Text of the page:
By: William C. Head, Best DUI Lawyers Near Me in Atlanta Georgia and Board-Certified by the National College for DUI Defense
In Elliott v. State, 305 Ga. 179 824 S.E.2d 265 (2019), a Clarke County State Court case, a legal challenge was made at a pre-trial motion hearing that challenged a DUI refusal in a driving under the influence case for which the arresting officer sought a post-arrest, implied consent, breath alcohol test. The accused, Andrea Elliott, said “no” to the forensic test.
Under Georgia black letter law, the prosecution had been able to use that “evidence of refusal” at the criminal trial since the 1960s. The motion hearing focused on the defense attorney arguing that use of THIS type DUI test was a violation of the Georgia Constitution, Article 1, Section 1, Paragraph XVI.
Prior to another case, Olevik v. State, Georgia cases followed existing Georgia code provisions that had (for decades) allowed the State to use refusal against the accused citizen. The United States Constitution offers no such protections. However, the Georgia Supreme Court had held previously (in Olevik) that the protection against compelled self-incrimination provided by Paragraph XVI of the Georgia Constitution did cover breathalyzer tests, after arrest, just as though she had been asked questions that could further incriminate her.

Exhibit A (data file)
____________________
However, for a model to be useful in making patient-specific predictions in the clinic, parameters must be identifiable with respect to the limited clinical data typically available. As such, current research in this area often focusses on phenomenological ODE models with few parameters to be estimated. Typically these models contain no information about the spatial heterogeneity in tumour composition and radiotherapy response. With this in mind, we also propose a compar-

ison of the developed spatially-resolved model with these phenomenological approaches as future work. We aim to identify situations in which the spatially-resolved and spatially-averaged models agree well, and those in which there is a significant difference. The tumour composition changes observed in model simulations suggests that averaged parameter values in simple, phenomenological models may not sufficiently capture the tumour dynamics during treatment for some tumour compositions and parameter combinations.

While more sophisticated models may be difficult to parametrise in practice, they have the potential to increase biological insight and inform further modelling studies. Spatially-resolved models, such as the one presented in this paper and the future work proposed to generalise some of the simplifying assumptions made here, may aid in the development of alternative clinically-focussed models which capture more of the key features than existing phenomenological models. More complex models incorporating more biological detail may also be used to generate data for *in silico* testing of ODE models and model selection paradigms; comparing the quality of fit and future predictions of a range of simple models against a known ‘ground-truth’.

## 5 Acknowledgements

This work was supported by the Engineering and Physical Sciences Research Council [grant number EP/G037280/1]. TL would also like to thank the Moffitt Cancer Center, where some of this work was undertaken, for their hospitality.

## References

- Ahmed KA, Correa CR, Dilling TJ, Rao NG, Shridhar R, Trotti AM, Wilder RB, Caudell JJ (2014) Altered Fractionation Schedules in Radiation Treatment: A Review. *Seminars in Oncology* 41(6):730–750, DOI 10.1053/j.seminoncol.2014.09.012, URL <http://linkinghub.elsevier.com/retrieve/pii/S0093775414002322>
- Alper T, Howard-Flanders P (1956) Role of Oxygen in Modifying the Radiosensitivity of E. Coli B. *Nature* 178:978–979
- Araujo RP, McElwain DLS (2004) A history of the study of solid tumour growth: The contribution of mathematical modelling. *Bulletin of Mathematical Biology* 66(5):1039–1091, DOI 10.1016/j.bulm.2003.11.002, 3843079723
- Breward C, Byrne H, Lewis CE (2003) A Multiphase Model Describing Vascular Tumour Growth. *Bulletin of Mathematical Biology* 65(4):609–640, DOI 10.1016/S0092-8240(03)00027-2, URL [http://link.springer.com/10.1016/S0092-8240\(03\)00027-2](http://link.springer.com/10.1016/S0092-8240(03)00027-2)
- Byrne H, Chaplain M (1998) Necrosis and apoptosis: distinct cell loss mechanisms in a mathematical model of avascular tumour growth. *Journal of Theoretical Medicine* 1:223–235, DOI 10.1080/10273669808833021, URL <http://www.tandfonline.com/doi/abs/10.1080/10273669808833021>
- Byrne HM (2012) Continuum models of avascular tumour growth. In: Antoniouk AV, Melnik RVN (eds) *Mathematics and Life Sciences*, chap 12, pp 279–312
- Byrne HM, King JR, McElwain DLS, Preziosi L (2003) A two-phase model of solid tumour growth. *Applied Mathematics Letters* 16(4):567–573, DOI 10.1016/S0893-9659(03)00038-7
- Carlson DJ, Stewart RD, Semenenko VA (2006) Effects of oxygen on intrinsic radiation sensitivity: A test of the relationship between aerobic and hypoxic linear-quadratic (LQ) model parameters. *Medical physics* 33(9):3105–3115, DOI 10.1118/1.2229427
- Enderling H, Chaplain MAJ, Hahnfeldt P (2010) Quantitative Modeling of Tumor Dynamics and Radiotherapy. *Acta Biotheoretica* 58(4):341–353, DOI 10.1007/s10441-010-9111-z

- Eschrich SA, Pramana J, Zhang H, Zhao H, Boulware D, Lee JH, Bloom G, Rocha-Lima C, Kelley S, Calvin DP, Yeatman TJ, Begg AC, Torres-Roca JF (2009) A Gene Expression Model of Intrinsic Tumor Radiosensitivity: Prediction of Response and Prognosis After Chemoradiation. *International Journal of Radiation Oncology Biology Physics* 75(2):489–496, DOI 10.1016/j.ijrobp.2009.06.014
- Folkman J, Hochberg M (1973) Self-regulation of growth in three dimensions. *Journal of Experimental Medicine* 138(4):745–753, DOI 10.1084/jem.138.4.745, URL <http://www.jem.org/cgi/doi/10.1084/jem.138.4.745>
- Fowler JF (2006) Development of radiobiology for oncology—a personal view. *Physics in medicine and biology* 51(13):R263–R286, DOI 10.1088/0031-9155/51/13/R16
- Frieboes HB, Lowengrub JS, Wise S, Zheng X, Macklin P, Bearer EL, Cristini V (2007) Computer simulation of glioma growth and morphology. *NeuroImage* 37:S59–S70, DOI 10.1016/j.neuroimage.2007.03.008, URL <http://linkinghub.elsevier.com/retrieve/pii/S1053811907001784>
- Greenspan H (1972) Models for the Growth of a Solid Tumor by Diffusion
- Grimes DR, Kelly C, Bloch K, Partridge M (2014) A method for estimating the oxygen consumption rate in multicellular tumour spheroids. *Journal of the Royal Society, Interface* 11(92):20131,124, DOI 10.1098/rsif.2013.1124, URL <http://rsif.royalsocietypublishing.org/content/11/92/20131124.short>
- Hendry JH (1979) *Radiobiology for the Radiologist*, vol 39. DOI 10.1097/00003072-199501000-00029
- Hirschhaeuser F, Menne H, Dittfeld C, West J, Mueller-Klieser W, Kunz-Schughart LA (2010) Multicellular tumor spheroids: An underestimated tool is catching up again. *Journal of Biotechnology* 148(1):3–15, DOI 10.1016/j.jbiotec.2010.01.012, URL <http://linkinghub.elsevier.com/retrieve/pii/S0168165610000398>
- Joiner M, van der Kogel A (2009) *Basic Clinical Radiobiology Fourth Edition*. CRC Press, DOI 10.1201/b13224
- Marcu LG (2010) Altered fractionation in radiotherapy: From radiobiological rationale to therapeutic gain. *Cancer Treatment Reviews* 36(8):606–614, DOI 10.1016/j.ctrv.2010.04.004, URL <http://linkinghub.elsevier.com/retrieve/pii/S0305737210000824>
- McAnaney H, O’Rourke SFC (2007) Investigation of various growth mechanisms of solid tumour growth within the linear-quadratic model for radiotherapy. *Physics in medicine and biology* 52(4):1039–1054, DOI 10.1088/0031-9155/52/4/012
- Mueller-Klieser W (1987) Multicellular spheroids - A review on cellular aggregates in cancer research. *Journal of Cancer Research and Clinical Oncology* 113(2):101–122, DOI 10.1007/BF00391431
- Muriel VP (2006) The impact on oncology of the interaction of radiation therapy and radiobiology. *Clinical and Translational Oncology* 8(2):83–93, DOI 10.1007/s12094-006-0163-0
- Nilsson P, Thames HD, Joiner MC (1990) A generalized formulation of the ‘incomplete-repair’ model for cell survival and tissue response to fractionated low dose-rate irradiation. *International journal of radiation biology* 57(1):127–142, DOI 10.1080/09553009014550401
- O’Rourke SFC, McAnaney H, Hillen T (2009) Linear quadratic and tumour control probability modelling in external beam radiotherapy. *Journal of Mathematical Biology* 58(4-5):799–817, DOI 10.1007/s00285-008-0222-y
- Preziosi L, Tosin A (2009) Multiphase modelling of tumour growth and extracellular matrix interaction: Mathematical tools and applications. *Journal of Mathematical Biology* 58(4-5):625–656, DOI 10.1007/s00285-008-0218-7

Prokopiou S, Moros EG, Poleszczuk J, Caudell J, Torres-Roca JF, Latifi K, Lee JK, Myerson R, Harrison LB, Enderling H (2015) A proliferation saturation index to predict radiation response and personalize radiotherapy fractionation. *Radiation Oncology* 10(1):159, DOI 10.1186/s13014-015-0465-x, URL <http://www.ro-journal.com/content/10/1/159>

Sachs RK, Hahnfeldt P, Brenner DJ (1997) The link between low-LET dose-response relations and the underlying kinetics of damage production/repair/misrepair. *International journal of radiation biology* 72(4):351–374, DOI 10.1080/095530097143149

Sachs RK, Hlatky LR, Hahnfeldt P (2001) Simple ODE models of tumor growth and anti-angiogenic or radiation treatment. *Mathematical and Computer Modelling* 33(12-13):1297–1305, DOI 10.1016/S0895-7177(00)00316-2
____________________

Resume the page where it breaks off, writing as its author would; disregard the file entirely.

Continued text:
The Elliott case has now routinely been cited by other Georgia lawyers to exclude both breath alcohol tests collected on an Intoxilyzer 9000, and any DUI refusal evidence. In addition, the Georgia implied consent notice was hurriedly amended by the Georgia legislature, and signed into law on April 28, 2019 by Gov. Brian Kemp.
The landmark DUI case significantly alters DUI law under O.C.G.A. 40-5-67.1 (b), for arrests made after the 28th day of April, 2019. It was decided February 18, 2019, Supreme Court of Georgia case No. S18A1204. The newly-worded, 2019 implied consent warnings are found here.
So, in Elliott, both the OLD version of OCGA 40-5-67.1 (b) and 40-6-392 (d) were ruled to be unconstitutional, as applied to breath alcohol tests, OR a person’s refusal to submit to an alcohol breath test. This blocks admissibility of either at a criminal trial. The ruling by the Georgia Supreme Court reversed the Athens-Clarke County judge’s erroneous ruling and changed DUI law in Georgia forever.